Diezani Alison-Madueke, minister of petroleum resources, awakes the sleeping lion by canvassing for the removal of subsidy on petrol and kerosene at the ongoing Nigerian Oil and Gas Conference in Abuja
| By Anayo Ezugwu | Mar. 31, 2014 @ 01:00 GMT
THE controversy over whether subsidy on petrol and kerosene stay or not is again as an issue of national discourse. Diezani Alison-Madueke, minister of petroleum resources, resurrected the controversy on Tuesday March 18, at the ongoing Nigerian Oil and Gas Conference in Abuja. She gave hint of the planned subsidy removal when she said that subsidy on petrol and kerosene in the country was unsustainable in view of the increasingly dwindling revenue coming to the coffers of the government.
She said that the subsidies being paid to the marketers by the federal government on imported petrol and kerosene were no longer sustainable, prompting analysts to say the days of the petrol and kerosene subsidy regime might soon be over. Alison-Madueke stated that the reform already being implemented in the power sector should be taken to the downstream oil subsector, stressing that the negative impact of continued regulation of the sector outweighed the positive impact. “The continued regulation of the downstream sector has its positive and negative impacts on the economy. But the negative effect is more than the positive. The subsidy policy cannot be sustained any longer. This is because the subsidy payment is not benefiting the poor it is targeting; rather, it is benefiting the rich. The industry needs to move to the next level by increasing revenue and curbing oil theft and pipeline vandalism.
“Without belabouring the point, we are all aware that the government has to deregulate the downstream sector. Continuing regulation, we all are aware, has negative effects. It is basically unsustainable, it discourages investment, and principally, it benefits the rich, not the masses in the society that we intend to reach in the first place. This means that deregulation is the only way in which capital investment can be encouraged. It can give employment opportunities. At the same time, we are all aware that in a democratic polity, there has to be a balance between different policies and directives of government and the needs and desires of the people of Nigeria at all times,” she said.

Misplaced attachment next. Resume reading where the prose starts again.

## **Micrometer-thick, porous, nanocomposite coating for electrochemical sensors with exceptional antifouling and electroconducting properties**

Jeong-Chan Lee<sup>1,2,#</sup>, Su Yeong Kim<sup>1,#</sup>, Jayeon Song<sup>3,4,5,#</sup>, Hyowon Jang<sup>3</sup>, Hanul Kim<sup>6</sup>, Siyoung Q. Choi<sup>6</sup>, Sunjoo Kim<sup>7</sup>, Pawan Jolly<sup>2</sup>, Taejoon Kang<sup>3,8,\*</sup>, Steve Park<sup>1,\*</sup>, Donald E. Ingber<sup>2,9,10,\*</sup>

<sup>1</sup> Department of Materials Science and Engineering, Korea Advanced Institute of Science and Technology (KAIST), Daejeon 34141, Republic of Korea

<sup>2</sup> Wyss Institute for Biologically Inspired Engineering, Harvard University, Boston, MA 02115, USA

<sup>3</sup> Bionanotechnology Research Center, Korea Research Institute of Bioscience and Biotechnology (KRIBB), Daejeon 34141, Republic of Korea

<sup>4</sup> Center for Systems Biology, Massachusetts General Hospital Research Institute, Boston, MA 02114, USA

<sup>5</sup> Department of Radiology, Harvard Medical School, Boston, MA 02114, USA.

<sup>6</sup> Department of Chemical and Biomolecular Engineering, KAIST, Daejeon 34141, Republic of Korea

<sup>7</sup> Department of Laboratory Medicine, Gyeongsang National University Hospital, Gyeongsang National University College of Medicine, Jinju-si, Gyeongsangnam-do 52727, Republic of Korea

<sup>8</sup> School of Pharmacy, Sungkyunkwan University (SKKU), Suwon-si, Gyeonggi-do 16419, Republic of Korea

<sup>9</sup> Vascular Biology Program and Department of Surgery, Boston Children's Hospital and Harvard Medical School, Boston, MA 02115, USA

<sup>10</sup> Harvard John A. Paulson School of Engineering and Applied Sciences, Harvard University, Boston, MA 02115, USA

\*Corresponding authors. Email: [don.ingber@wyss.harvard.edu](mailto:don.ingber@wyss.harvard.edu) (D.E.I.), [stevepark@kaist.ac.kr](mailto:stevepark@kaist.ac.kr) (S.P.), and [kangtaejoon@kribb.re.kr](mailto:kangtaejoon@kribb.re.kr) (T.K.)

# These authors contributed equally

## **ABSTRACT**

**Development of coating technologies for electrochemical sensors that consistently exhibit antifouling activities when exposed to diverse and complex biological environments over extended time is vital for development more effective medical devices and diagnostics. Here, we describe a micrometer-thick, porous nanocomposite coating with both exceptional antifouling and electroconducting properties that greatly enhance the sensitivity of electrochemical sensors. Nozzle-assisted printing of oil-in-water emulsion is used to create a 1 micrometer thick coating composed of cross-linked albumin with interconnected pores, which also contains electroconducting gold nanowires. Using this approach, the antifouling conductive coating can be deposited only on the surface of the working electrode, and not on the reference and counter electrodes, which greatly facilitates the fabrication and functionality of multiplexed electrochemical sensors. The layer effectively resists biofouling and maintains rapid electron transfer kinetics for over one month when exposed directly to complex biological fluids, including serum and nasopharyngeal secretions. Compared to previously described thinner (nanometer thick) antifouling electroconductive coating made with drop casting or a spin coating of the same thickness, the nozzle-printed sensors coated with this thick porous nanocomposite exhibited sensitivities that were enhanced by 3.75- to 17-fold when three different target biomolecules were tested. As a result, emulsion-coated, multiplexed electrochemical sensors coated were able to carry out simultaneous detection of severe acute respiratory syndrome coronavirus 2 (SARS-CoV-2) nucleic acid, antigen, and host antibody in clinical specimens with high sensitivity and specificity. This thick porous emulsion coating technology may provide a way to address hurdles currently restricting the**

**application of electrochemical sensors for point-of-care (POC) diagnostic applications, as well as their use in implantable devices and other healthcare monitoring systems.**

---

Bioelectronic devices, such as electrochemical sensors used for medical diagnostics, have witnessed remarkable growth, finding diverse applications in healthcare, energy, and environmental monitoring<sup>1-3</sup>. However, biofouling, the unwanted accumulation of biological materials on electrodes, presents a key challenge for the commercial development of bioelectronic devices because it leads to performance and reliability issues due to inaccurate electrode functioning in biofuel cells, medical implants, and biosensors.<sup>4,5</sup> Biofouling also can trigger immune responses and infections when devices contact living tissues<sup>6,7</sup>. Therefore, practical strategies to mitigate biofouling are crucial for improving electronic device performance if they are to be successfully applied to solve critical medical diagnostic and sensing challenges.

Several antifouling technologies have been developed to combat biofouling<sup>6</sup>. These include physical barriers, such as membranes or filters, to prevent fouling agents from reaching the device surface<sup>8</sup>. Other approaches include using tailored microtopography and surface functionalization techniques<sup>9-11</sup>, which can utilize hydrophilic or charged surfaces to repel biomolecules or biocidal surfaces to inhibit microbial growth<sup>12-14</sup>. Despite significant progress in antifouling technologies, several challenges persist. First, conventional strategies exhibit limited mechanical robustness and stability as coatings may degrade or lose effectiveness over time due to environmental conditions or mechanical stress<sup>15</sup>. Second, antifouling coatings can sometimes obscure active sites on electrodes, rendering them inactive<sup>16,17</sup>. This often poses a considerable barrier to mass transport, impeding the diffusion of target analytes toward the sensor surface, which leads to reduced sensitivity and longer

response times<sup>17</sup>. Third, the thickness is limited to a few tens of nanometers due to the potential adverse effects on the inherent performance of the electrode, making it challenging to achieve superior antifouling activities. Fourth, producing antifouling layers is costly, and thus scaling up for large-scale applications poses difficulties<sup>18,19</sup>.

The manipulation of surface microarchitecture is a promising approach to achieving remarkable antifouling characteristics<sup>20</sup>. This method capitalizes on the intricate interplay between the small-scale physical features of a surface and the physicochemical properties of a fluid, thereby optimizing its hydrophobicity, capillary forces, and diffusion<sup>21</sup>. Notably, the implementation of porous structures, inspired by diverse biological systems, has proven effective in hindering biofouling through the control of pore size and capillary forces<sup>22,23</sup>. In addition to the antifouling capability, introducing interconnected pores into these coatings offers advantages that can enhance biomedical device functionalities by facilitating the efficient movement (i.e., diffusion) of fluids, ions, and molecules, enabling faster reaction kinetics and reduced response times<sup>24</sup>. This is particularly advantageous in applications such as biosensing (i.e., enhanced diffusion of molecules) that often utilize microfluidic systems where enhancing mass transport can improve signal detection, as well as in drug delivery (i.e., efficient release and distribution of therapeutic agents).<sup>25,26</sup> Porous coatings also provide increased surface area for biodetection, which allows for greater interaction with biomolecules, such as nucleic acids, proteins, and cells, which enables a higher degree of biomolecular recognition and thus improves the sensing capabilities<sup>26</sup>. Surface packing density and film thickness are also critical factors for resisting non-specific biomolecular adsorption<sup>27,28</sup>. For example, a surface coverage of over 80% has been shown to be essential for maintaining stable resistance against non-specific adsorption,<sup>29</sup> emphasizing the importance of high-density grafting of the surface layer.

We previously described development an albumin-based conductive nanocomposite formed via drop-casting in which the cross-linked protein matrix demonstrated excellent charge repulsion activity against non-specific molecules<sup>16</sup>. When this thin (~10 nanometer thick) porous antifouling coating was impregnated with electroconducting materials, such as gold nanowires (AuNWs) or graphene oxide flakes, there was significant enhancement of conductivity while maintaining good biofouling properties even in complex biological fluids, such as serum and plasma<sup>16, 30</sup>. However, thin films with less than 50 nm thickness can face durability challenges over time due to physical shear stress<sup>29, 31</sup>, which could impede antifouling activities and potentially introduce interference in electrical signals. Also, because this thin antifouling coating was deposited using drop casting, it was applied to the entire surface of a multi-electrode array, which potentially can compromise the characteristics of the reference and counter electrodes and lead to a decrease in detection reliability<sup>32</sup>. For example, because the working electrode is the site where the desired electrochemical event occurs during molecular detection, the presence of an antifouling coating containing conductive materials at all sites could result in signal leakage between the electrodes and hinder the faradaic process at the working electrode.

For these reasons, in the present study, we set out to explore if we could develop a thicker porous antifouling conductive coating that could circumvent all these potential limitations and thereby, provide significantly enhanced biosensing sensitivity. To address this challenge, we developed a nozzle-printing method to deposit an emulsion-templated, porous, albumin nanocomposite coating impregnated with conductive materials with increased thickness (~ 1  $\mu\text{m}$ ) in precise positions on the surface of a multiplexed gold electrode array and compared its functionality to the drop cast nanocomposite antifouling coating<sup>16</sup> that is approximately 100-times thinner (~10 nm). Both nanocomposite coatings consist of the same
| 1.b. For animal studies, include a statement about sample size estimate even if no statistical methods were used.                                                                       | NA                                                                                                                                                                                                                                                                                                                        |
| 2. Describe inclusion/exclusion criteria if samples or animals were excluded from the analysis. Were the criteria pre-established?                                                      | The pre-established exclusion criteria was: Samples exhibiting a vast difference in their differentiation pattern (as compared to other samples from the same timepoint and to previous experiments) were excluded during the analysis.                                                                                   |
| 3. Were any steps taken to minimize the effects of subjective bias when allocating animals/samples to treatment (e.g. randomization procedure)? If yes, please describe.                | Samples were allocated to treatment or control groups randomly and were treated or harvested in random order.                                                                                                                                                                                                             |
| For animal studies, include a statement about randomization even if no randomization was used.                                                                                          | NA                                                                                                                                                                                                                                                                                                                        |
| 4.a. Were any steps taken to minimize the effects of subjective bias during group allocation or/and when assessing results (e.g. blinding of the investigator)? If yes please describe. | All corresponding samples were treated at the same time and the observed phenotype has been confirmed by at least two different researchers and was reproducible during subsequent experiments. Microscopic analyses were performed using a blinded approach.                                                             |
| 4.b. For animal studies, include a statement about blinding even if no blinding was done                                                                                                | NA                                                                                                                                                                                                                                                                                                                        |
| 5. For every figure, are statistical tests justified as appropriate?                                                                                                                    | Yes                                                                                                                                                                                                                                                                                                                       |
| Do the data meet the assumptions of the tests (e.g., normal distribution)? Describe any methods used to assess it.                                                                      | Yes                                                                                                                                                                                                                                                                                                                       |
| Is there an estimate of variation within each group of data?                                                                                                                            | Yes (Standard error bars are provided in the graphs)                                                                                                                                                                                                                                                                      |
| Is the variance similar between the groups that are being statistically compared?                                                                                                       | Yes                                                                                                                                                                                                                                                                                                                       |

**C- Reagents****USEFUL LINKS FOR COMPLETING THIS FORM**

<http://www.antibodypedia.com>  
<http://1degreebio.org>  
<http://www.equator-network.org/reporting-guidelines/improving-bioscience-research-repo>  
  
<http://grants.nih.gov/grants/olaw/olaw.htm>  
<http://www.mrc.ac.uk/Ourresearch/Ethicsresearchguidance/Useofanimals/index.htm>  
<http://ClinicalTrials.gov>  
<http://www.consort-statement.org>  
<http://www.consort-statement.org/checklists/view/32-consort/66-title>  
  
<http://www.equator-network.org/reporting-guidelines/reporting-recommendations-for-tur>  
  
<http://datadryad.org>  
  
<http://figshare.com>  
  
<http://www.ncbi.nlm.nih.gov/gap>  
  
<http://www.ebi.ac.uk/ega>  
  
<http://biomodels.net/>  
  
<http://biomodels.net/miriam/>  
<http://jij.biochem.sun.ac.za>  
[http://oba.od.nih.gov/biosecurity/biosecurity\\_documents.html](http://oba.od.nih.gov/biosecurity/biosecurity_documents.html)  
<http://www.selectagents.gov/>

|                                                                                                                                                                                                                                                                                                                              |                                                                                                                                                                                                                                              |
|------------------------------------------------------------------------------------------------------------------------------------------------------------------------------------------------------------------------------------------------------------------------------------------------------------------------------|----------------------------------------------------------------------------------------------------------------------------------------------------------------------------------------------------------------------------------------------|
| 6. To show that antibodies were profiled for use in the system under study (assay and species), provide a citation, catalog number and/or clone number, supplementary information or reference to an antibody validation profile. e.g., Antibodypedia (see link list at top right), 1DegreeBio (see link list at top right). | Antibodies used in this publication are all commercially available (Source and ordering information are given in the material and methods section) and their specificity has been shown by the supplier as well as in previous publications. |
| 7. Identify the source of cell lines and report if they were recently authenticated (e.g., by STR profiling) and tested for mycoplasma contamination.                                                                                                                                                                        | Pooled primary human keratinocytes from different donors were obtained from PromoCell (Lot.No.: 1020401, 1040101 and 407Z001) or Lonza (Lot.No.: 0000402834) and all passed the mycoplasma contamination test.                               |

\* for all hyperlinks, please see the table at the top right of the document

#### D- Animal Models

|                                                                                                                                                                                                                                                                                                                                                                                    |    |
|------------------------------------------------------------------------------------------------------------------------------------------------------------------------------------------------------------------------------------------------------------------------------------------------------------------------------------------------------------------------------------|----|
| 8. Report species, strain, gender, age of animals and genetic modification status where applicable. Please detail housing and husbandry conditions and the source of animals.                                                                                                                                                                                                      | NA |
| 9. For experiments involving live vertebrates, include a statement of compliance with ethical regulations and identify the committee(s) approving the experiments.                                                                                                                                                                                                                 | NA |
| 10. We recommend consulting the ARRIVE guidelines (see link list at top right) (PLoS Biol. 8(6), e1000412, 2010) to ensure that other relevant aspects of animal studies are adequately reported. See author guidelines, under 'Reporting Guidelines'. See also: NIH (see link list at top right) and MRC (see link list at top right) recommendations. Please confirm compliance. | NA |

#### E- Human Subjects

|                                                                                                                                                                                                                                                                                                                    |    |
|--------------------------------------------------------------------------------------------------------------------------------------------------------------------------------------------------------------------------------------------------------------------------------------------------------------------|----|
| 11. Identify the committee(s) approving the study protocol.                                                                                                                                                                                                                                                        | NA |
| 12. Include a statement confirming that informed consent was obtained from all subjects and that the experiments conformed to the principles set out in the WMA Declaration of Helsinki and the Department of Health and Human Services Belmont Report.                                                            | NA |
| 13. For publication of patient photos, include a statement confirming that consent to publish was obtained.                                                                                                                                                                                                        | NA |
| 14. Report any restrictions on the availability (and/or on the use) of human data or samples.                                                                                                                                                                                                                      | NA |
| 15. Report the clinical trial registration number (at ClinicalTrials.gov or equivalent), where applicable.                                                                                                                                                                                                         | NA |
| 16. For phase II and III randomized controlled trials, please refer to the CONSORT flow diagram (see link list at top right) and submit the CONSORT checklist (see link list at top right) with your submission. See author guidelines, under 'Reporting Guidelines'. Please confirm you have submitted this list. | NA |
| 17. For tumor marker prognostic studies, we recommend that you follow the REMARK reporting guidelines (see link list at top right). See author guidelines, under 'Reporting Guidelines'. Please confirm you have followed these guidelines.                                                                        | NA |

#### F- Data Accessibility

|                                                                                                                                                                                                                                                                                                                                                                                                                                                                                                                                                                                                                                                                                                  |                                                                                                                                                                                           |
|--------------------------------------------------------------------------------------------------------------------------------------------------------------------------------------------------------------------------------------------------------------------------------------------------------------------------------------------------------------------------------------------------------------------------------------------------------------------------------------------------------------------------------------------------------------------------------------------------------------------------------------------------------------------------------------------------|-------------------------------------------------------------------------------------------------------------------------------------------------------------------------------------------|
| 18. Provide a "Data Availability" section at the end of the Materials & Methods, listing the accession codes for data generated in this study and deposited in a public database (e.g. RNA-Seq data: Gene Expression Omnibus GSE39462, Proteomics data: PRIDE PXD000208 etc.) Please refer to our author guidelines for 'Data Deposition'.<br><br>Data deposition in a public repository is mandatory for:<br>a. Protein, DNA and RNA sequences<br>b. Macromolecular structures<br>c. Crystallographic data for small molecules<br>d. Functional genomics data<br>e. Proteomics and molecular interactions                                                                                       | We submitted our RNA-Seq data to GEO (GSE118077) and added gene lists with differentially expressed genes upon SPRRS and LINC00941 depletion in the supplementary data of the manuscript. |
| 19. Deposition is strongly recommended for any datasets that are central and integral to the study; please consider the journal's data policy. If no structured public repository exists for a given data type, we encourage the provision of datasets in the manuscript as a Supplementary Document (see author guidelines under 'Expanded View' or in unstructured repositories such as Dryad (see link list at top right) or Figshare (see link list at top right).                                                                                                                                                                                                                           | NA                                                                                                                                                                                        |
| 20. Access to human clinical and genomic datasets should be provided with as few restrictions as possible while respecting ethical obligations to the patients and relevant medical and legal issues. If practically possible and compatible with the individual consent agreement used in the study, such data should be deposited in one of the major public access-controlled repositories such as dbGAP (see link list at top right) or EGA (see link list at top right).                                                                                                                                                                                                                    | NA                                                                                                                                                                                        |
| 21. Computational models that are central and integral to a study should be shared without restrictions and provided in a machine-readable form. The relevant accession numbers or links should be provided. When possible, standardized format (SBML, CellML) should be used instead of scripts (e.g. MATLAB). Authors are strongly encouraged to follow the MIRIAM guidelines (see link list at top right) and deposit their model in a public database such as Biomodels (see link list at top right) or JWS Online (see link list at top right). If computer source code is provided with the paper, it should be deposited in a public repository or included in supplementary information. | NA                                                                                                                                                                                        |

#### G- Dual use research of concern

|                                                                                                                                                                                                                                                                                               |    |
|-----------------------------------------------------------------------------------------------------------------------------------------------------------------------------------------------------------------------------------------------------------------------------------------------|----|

The minister’s pronouncement gave credence to the earlier call made on Thursday, March 13, by the Forum of Commissioners of Finance of the 36 states of the federation in Abuja, which passed a resolution calling for the removal of fuel subsidy. Timothy Odaah, chairman of the forum, said after this month’s Federation Account Allocation Committee’s meeting, that the resolution was passed following irregularities observed in the fuel subsidy regime.
Odaah, who is also the commissioner of finance, Ebonyi State, said the resolution on the fuel subsidy regime would be sent to the Nigerian Governors’ Forum for transmission to President Goodluck Jonathan. He described the payment of fuel subsidy as a scam against some states, especially the less industrialised ones, as it had made “the rich to become richer, while the poor are becoming poorer.” He argued that if Nigerians had not protested against the removal of fuel subsidy in January 2012, most states would have experienced significant level of development by now.
“We looked at subsidy on oil as more or less a solution worse than the problem it is meant to solve. Looking at it presently, you will discover that it is not solving the problem, which it is meant to solve. In the first place, the Nigeria Labour Congress and the majority of the Nigerian populace appear to have been deceived into clamouring for subsidy. It is a system that robs Peter to pay Paul by making the rich to grow richer and the poor to grow poorer. There are some states that are fully industrialised and you use this subsidy in that particular place and the people who benefit more are those from the states that are industrialised. The fuel consumption of those industries uses more of the fuel subsidy unlike the states that are under-industrialised. So, what we are advocating is that the subsidy be removed so that every state or any member of the federating unit sharing from FAAC will take his own money, then decide to use it or grant subsidy in a level that it will be able to afford,” he said.